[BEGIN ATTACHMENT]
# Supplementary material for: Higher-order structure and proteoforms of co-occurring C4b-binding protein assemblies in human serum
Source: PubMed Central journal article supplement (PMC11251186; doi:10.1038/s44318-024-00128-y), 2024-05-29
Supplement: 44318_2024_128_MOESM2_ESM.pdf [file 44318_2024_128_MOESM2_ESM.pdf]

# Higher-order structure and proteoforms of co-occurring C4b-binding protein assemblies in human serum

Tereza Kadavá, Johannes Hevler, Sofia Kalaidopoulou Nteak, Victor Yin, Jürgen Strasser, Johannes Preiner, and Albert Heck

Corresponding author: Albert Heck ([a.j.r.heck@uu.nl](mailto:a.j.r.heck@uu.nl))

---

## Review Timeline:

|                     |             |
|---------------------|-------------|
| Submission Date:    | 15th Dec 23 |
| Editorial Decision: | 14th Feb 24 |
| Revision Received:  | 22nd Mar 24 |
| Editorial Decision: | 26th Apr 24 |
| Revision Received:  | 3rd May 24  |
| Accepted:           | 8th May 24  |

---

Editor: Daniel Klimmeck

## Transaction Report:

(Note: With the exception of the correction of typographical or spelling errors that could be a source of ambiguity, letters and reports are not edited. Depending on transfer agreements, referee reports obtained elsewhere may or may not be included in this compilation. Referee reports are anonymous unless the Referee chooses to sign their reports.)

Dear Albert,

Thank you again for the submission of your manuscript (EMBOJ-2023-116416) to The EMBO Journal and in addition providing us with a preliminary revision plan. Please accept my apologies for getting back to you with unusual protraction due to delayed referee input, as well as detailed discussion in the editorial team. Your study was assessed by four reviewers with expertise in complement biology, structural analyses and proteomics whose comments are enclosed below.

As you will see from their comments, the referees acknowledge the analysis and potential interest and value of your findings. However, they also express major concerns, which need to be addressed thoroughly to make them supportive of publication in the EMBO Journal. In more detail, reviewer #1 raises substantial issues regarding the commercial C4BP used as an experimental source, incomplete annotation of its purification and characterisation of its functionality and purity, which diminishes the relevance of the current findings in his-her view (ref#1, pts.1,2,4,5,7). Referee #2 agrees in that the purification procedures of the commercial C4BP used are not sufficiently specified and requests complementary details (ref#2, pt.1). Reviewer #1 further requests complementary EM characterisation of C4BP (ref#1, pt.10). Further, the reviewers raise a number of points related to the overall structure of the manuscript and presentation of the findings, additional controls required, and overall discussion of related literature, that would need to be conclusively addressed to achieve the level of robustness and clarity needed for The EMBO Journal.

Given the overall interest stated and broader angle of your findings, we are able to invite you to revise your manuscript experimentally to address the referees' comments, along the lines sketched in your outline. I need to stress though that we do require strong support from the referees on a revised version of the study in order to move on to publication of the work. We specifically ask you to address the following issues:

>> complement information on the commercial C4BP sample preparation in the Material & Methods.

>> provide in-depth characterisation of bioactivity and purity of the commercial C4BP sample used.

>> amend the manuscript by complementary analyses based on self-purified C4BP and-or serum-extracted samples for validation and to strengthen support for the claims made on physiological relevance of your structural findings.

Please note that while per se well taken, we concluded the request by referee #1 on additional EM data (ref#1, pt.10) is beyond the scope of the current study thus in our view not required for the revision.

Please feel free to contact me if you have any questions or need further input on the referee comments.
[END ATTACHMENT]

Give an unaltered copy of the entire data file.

# Supplementary material for: Higher-order structure and proteoforms of co-occurring C4b-binding protein assemblies in human serum
Source: PubMed Central journal article supplement (PMC11251186; doi:10.1038/s44318-024-00128-y), 2024-05-29
Supplement: 44318_2024_128_MOESM2_ESM.pdf [file 44318_2024_128_MOESM2_ESM.pdf]

# Higher-order structure and proteoforms of co-occurring C4b-binding protein assemblies in human serum

Tereza Kadavá, Johannes Hevler, Sofia Kalaidopoulou Nteak, Victor Yin, Jürgen Strasser, Johannes Preiner, and Albert Heck

Corresponding author: Albert Heck ([a.j.r.heck@uu.nl](mailto:a.j.r.heck@uu.nl))

---

## Review Timeline:

|                     |             |
|---------------------|-------------|
| Submission Date:    | 15th Dec 23 |
| Editorial Decision: | 14th Feb 24 |
| Revision Received:  | 22nd Mar 24 |
| Editorial Decision: | 26th Apr 24 |
| Revision Received:  | 3rd May 24  |
| Accepted:           | 8th May 24  |

---

Editor: Daniel Klimmeck

## Transaction Report:

(Note: With the exception of the correction of typographical or spelling errors that could be a source of ambiguity, letters and reports are not edited. Depending on transfer agreements, referee reports obtained elsewhere may or may not be included in this compilation. Referee reports are anonymous unless the Referee chooses to sign their reports.)

Dear Albert,

Thank you again for the submission of your manuscript (EMBOJ-2023-116416) to The EMBO Journal and in addition providing us with a preliminary revision plan. Please accept my apologies for getting back to you with unusual protraction due to delayed referee input, as well as detailed discussion in the editorial team. Your study was assessed by four reviewers with expertise in complement biology, structural analyses and proteomics whose comments are enclosed below.

As you will see from their comments, the referees acknowledge the analysis and potential interest and value of your findings. However, they also express major concerns, which need to be addressed thoroughly to make them supportive of publication in the EMBO Journal. In more detail, reviewer #1 raises substantial issues regarding the commercial C4BP used as an experimental source, incomplete annotation of its purification and characterisation of its functionality and purity, which diminishes the relevance of the current findings in his-her view (ref#1, pts.1,2,4,5,7). Referee #2 agrees in that the purification procedures of the commercial C4BP used are not sufficiently specified and requests complementary details (ref#2, pt.1). Reviewer #1 further requests complementary EM characterisation of C4BP (ref#1, pt.10). Further, the reviewers raise a number of points related to the overall structure of the manuscript and presentation of the findings, additional controls required, and overall discussion of related literature, that would need to be conclusively addressed to achieve the level of robustness and clarity needed for The EMBO Journal.

Given the overall interest stated and broader angle of your findings, we are able to invite you to revise your manuscript experimentally to address the referees' comments, along the lines sketched in your outline. I need to stress though that we do require strong support from the referees on a revised version of the study in order to move on to publication of the work. We specifically ask you to address the following issues:

>> complement information on the commercial C4BP sample preparation in the Material & Methods.

>> provide in-depth characterisation of bioactivity and purity of the commercial C4BP sample used.

>> amend the manuscript by complementary analyses based on self-purified C4BP and-or serum-extracted samples for validation and to strengthen support for the claims made on physiological relevance of your structural findings.

Please note that while per se well taken, we concluded the request by referee #1 on additional EM data (ref#1, pt.10) is beyond the scope of the current study thus in our view not required for the revision.

Please feel free to contact me if you have any questions or need further input on the referee comments.